Archive for the ‘Family Matters’ Category
Marta Bjornstad is the chillingly robotic narrator of Emma Chapman’s psychological thriller, How to Be a Good Wife, a disturbing portrait of a woman whose mind may be playing tricks on her. After twenty-five years of marriage, Marta’s existence is tightly regimented: She shops, cooks, cleans the house, does laundry, and tends to her husband, Hector’s, needs. The title is derived from a book of the same name filled with platitudes about how a perfect spouse should behave. Marta’s controlling and overbearing mother-in-law, Matilda, presented the book to her sons’ young bride as a wedding gift, expecting Marta to dutifully memorize every page. One example of the book’s contents: “Your husband belongs to the outside world. The house is your domain, and your responsibility.”
Koren Zailckas’ Mother, Mother is a tale of psychological horror–a savage portrayal of a narcissist, Josephine Hurst, who lies compulsively, shamelessly manipulates her family, and tries to destroy anyone who crosses her. This disturbing story is told in alternating chapters by twelve-year-old William Hurst and his sixteen-year-old sister, Violet. William is mommy’s prissy little boy whom Josephine home schools (he has been diagnosed with autism and epilepsy) and infantilizes; Will is completely dependent on his mother and will do anything to stay in her good graces. Violet, on the other hand, is a rebel. She chops off her hair, takes mind-altering substances, and refuses to be intimidated by Josephine’s sick behavior. Josephine’s husband, Douglas, is, for the most part, an ineffectual bystander who gives his wife free reign. Missing from the picture is twenty-year-old Rose, whom Josephine was grooming to be a famous actress. Rose left home abruptly and never returned.
December 28, 2013
Â· Judi Clark Â· No Comments
Tags: Crown Publishing, Dysfunctional, Mental Health/Illness, Motherhood Â· Posted in: Debut Novel, Family Matters, Mystery/Suspense, Psychological Suspense
From the opening pages, it is evident that Gilbert can write with lyricism, confidence, and substance. I was afraid that her mass popularity would lead to a dumbed down book with pandering social/political agendas or telegraphed notions. I am thrilled to conclude that this was not the case. Gilbert is a superb writer who allows her main characters to spring forth as organically as the natural world that they live in.
December 5, 2013
Â· Judi Clark Â· No Comments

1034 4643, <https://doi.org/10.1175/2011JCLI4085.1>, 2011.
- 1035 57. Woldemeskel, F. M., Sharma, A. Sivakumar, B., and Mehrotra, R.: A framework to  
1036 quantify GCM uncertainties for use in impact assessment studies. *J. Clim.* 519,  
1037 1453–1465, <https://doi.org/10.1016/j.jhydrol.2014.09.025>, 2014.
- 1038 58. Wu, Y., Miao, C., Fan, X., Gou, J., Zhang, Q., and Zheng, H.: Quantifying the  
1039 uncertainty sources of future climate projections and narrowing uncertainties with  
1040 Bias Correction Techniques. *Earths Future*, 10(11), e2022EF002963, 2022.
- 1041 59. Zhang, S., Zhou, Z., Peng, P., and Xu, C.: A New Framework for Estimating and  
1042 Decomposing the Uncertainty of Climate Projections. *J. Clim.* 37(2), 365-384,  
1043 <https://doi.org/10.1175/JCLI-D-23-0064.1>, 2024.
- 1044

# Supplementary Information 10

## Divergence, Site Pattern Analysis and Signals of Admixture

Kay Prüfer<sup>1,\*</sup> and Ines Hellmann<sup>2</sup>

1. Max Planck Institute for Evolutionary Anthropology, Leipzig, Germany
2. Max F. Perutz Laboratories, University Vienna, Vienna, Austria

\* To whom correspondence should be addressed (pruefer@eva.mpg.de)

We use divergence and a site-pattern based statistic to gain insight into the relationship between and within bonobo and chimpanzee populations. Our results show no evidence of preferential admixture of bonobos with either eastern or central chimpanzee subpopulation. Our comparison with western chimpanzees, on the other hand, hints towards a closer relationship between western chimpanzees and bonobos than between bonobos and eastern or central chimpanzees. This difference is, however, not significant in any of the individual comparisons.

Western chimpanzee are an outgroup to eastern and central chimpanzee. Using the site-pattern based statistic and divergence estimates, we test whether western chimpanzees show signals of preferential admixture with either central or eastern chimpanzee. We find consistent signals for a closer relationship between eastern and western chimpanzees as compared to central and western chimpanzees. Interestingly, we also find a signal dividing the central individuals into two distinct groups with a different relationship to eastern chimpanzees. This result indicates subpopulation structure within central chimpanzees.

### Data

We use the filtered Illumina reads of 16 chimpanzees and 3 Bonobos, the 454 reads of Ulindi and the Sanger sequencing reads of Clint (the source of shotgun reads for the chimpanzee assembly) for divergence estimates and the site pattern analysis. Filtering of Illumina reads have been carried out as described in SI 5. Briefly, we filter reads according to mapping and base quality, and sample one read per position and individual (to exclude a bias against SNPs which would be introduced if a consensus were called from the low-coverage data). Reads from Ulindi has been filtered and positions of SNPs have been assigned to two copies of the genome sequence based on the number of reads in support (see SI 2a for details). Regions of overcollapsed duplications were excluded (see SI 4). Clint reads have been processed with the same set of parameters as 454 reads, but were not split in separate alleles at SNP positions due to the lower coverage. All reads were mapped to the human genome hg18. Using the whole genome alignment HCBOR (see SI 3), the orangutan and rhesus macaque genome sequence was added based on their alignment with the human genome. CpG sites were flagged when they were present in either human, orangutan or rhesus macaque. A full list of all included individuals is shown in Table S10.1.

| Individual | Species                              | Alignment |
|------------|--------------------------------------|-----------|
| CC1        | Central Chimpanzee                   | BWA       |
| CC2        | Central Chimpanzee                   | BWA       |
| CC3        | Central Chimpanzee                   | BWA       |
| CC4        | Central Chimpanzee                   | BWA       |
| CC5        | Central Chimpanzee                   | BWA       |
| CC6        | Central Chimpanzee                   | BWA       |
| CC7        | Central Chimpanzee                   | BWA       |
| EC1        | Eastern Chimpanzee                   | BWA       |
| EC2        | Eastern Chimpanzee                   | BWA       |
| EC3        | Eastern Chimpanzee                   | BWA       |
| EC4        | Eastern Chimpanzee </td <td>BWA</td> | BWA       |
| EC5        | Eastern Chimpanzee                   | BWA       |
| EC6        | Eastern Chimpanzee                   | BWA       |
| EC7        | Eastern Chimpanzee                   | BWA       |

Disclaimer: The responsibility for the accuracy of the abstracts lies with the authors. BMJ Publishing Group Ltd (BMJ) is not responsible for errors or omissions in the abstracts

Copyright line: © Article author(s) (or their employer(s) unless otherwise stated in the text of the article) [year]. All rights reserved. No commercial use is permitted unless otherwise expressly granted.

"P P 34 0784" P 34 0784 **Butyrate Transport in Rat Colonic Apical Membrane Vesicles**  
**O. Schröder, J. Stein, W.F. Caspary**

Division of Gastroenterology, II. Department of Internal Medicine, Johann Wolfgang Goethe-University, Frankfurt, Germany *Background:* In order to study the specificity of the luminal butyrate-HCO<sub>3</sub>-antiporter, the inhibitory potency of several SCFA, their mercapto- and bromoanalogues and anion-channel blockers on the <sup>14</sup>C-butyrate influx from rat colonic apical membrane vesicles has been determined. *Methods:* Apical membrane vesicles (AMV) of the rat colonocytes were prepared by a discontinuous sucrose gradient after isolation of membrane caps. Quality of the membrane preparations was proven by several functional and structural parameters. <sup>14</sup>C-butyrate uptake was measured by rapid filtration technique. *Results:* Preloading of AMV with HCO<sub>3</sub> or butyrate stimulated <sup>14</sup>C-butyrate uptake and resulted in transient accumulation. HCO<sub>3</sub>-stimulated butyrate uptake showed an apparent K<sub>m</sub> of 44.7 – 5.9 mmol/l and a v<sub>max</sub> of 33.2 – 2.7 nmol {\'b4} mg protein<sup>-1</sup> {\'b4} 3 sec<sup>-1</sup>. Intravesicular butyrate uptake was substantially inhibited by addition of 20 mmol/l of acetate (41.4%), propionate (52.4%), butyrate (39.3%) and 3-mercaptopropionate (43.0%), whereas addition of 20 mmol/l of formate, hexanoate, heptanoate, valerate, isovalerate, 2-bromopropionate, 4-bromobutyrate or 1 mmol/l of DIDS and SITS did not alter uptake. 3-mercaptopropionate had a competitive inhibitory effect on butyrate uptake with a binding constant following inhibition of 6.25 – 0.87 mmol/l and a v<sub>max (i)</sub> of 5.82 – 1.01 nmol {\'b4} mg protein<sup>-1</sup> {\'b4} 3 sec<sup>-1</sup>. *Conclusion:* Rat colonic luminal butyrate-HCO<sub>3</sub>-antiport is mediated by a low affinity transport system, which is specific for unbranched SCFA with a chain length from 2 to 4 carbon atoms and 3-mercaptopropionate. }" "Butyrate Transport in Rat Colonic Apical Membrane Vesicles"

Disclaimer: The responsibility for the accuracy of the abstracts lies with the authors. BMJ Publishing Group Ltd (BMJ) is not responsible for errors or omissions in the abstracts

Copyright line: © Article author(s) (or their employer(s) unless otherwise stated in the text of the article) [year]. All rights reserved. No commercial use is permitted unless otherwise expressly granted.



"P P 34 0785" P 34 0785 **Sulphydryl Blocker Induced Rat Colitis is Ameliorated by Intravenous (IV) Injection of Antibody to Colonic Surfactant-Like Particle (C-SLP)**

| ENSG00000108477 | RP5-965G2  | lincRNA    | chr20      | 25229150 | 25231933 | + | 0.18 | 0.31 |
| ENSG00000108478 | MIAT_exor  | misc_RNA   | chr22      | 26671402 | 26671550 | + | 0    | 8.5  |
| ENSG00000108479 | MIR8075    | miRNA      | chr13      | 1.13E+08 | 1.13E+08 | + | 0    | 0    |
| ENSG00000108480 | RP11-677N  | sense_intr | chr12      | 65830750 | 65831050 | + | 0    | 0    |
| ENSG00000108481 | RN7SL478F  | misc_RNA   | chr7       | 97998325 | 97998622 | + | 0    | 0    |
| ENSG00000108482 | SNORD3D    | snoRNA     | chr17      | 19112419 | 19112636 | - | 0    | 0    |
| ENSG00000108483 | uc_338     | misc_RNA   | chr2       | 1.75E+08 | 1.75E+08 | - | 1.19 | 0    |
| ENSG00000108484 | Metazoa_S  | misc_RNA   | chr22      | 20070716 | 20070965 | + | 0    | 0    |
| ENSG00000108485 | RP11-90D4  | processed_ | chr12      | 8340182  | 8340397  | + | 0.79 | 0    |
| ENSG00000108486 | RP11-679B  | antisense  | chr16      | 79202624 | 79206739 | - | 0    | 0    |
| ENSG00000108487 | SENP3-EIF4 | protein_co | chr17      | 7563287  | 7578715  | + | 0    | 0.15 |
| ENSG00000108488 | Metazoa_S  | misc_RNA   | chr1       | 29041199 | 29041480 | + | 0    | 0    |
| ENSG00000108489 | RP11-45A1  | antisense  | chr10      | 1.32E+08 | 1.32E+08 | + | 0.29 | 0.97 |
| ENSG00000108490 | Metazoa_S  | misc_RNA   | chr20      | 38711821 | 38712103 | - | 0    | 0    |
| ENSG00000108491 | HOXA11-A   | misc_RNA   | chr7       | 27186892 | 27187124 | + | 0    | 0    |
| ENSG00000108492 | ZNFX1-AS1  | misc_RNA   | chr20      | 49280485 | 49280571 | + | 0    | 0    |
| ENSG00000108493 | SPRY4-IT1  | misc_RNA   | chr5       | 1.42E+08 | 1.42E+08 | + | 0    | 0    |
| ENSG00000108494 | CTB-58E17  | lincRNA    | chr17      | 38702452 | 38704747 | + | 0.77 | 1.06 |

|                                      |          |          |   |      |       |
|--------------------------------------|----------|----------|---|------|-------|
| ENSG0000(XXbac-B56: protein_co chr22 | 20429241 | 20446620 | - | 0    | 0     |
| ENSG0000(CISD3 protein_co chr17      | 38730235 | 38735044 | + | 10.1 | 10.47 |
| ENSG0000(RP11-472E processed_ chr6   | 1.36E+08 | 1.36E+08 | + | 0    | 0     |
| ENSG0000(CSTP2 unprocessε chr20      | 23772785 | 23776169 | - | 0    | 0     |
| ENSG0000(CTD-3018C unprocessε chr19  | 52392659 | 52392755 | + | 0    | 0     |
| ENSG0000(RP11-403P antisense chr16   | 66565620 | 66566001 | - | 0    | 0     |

Tags: 19th-Century, Elizabeth Gilbert', Nature, Time Period Fiction, Viking Â· Posted in: Character Driven, Facing History, Family Matters, Reading Guide, United States, US Mid-Atlantic
Nellie Peck is thirteen years old going on forty. She is wise, intelligent and impulsive. Despite her precociousness, however, she is still a child. She lives with her parents and two siblings, Ruth and Henry; Ruth is a half-sister from a relationship that her mother had in high school. The Pecks are struggling financially. Nellie’s mother works as a hair dresser and Nellie’s father owns a hardware store that is slowly going under. Her father’s passion is his writing – he is writing a tome about the history of their town, Springvale. His goal is to get it self-published so that it can be read by a wide audience.
Anne Enright, author of the 2007 Booker Prize winner, THE GATHERING, has written a new novel called THE FORGOTTEN WALTZ. It is told from the point of view of Gina Moynihan who has a lust-filled affair with a married man, Sean Vallely. They first meet at a garden party hosted by Anneâ€™s sister Fiona, and progresses from there. At first there are innocent (and not so innocent) looks, and then on a business trip in Switzerland, the affair begins in earnest.
George Baxter Henry is no paragon of virtue. In fact, he is a paradigm of vice, with a penchant for lustful young women. His marriage is on the rocks and his fractured family is falling apart. Connor Bowmanâ€™s novella after The Last Estate takes us back to the South of Franceâ€”this time Nice, but with an American protagonist. In this sinfully laugh-out-loud story about a wounded family trying to stitch itself back together, Bowman manages to make the reader care about these cross and querulous individuals who are headed on a grease skid to oblivion.